Citi is to be the only bank held by US govt

Citi is to be the only bank held by US govt


That will put the struggling bank at a further disadvantage as Bank of America and other rivals that have shed the stigma of government support become freer to raise compensation to attract talent and improve their standing with investors.
Citigroup’s fortunes have slipped recently as rising consumer losses overshadow gains from its trading activity, a business that has helped banks like Goldman Sachs return to record profits this year as the stock market rebounded.

Pandit has made clear that repaying money the bank received under the Troubled Asset Relief Programme (TARP) is a priority. But it may be difficult for the bank to reimburse the government anytime soon, given continuing problems with troubled assets and loan losses. It also must navigate some tricky tax issues that would accompany any repayment. Citigroup has been pummeled in all parts of its financial empire, from credit cards and complex mortgage bonds in the United States to exposure to soured bonds in Dubai.

Its problems have resulted in a unique relationship with the government: In addition to providing $45 billion in TARP money, the federal government has agreed to back roughly $300 billion in soured assets that remain on Citi’s books. In addition, Citigroup was the only TARP recipient, aside from GMAC, to convert government-issued shares into common stock to raise equity capital, giving the government a one-third stake in the bank. It is not clear that Citigroup should be in a hurry to repay the government as it grapples for ways to resolve its financial problems. While the bank probably has enough cash reserves and a clear strategic direction, it may need to demonstrate its ability to tap the capital markets before the government relents, analysts said.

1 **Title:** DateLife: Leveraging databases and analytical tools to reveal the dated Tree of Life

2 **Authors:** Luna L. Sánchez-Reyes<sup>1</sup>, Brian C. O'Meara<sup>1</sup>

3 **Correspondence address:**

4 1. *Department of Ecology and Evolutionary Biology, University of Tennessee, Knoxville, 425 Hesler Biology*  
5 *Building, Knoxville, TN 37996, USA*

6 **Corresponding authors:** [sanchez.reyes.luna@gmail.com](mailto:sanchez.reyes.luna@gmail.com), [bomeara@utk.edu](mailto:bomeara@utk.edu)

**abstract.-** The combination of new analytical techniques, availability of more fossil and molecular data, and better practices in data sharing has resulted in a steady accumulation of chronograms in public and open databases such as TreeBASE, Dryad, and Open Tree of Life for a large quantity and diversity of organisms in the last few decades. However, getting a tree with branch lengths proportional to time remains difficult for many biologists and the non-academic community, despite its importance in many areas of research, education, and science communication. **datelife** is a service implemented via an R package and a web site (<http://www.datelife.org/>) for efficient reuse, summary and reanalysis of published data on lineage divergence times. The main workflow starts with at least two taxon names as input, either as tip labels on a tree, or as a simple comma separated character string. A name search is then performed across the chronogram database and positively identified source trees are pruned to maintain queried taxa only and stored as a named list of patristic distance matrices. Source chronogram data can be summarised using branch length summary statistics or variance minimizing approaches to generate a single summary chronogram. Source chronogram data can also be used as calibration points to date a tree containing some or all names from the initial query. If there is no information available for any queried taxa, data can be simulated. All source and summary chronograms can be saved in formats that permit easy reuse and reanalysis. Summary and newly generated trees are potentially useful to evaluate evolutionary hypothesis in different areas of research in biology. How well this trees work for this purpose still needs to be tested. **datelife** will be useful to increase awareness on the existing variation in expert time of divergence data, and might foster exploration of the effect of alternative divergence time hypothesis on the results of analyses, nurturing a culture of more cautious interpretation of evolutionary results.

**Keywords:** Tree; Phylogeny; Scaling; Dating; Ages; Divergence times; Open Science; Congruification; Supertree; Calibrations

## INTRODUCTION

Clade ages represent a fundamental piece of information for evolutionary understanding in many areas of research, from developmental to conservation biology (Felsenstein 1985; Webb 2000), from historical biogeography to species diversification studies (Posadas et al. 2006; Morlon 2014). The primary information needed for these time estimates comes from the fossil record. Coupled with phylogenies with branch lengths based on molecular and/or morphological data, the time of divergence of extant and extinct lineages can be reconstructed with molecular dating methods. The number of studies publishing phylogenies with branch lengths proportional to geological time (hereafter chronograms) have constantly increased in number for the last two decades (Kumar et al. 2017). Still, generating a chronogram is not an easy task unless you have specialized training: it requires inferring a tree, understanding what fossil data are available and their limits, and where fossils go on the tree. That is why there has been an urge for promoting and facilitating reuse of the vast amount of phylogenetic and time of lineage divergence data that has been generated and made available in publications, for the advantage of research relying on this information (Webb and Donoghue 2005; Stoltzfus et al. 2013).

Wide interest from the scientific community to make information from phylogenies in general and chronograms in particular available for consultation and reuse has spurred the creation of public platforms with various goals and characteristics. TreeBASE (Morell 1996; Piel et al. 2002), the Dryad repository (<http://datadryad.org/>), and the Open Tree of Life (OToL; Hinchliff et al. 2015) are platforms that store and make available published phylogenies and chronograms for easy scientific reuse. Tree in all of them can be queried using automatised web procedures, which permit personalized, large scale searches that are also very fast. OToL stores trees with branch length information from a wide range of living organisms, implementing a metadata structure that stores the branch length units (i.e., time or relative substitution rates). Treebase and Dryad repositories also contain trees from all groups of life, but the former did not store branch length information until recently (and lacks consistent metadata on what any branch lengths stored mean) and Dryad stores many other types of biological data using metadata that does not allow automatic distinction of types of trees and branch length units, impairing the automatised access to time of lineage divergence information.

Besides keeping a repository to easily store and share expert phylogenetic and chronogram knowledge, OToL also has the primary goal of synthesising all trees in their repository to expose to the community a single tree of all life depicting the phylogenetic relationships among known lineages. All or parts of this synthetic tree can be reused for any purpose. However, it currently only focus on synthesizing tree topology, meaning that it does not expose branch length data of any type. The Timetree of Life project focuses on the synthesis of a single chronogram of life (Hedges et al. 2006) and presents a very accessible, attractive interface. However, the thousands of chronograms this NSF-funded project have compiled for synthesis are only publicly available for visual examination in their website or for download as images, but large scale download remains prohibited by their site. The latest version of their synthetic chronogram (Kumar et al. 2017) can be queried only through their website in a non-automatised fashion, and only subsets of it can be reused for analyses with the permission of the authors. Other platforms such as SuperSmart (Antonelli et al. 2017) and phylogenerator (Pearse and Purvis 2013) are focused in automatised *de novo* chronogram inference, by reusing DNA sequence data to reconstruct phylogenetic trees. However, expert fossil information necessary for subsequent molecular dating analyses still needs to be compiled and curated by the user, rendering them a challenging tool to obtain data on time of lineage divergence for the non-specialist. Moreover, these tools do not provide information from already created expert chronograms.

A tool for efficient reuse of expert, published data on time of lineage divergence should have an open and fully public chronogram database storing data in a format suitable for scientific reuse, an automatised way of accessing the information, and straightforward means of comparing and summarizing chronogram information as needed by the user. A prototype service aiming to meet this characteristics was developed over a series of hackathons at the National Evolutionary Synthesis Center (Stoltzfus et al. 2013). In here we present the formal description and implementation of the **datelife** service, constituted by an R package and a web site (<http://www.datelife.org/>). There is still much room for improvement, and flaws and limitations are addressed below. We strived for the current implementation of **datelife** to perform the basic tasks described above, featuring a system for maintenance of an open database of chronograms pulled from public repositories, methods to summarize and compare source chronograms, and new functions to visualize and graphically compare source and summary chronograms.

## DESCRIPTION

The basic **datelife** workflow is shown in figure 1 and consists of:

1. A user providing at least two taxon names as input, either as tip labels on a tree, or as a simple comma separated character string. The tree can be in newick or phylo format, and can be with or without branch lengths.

“Citi needs to focus on solvency and asset sales,” said Chris Whalen, Editor of The Institutional Risk Analyst. “They shouldn’t even worry about repaying TARP.”

The benefits of shedding government support were immediate for Bank of America. The bank raised $19.3 billion in a sale of securities at $15 apiece, less than a year after its financial troubles made it virtually impossible to raise new money. Still, Whalen questioned whether Bank of America’s efforts to repay the government were premature at a time when the Federal Reserve was also withdrawing supplemental support for many of the nation’s largest banks. Any effort by Citigroup to get out from under the government’s thumb will probably require a complex, multistep transaction. Citigroup will need to buy back the $20 billion in preferred shares that the government still holds. It also may have to raise additional capital to replace what it paid and to prove its financial strength.  Even then, it must persuade the government to unload its roughly 7.2 billion shares in the company — sales that, given their vast size, might be completed in several stages. Pressure is on Pandit to pay back the bailout money quickly as Citigroup board members have moved TARP repayment to the top of the bank’s priority list.

But time is running out. Several Citigroup traders, who were not authorised to speak publicly, said they expected most of their colleagues to remain at Citi until they received their bonuses early next year. If a TARP payback plan is not place by March, some predicted an exodus to rival banks where pay is not subject to government restrictions. It also remains unclear what, if any, timeline the government has negotiated with Citigroup. A decade ago, after a blockbuster merger with the Travelers Group, Citigroup was hailed as a banking colossus, a financial supermarket that would turn the staid financial world upside down. But the bank’s huge push into consumer lending, particularly in mortgages that were often repackaged into complex financial instruments, proved disastrous. The bank lost $28 billion in 2008 and has only recently started making slight quarterly gains.
Pandit is trying to dig the bank slowly out of its hole, by dismantling its financial supermarket structure and focusing on becoming a more bread-and-butter banking institution.  
The New York Times

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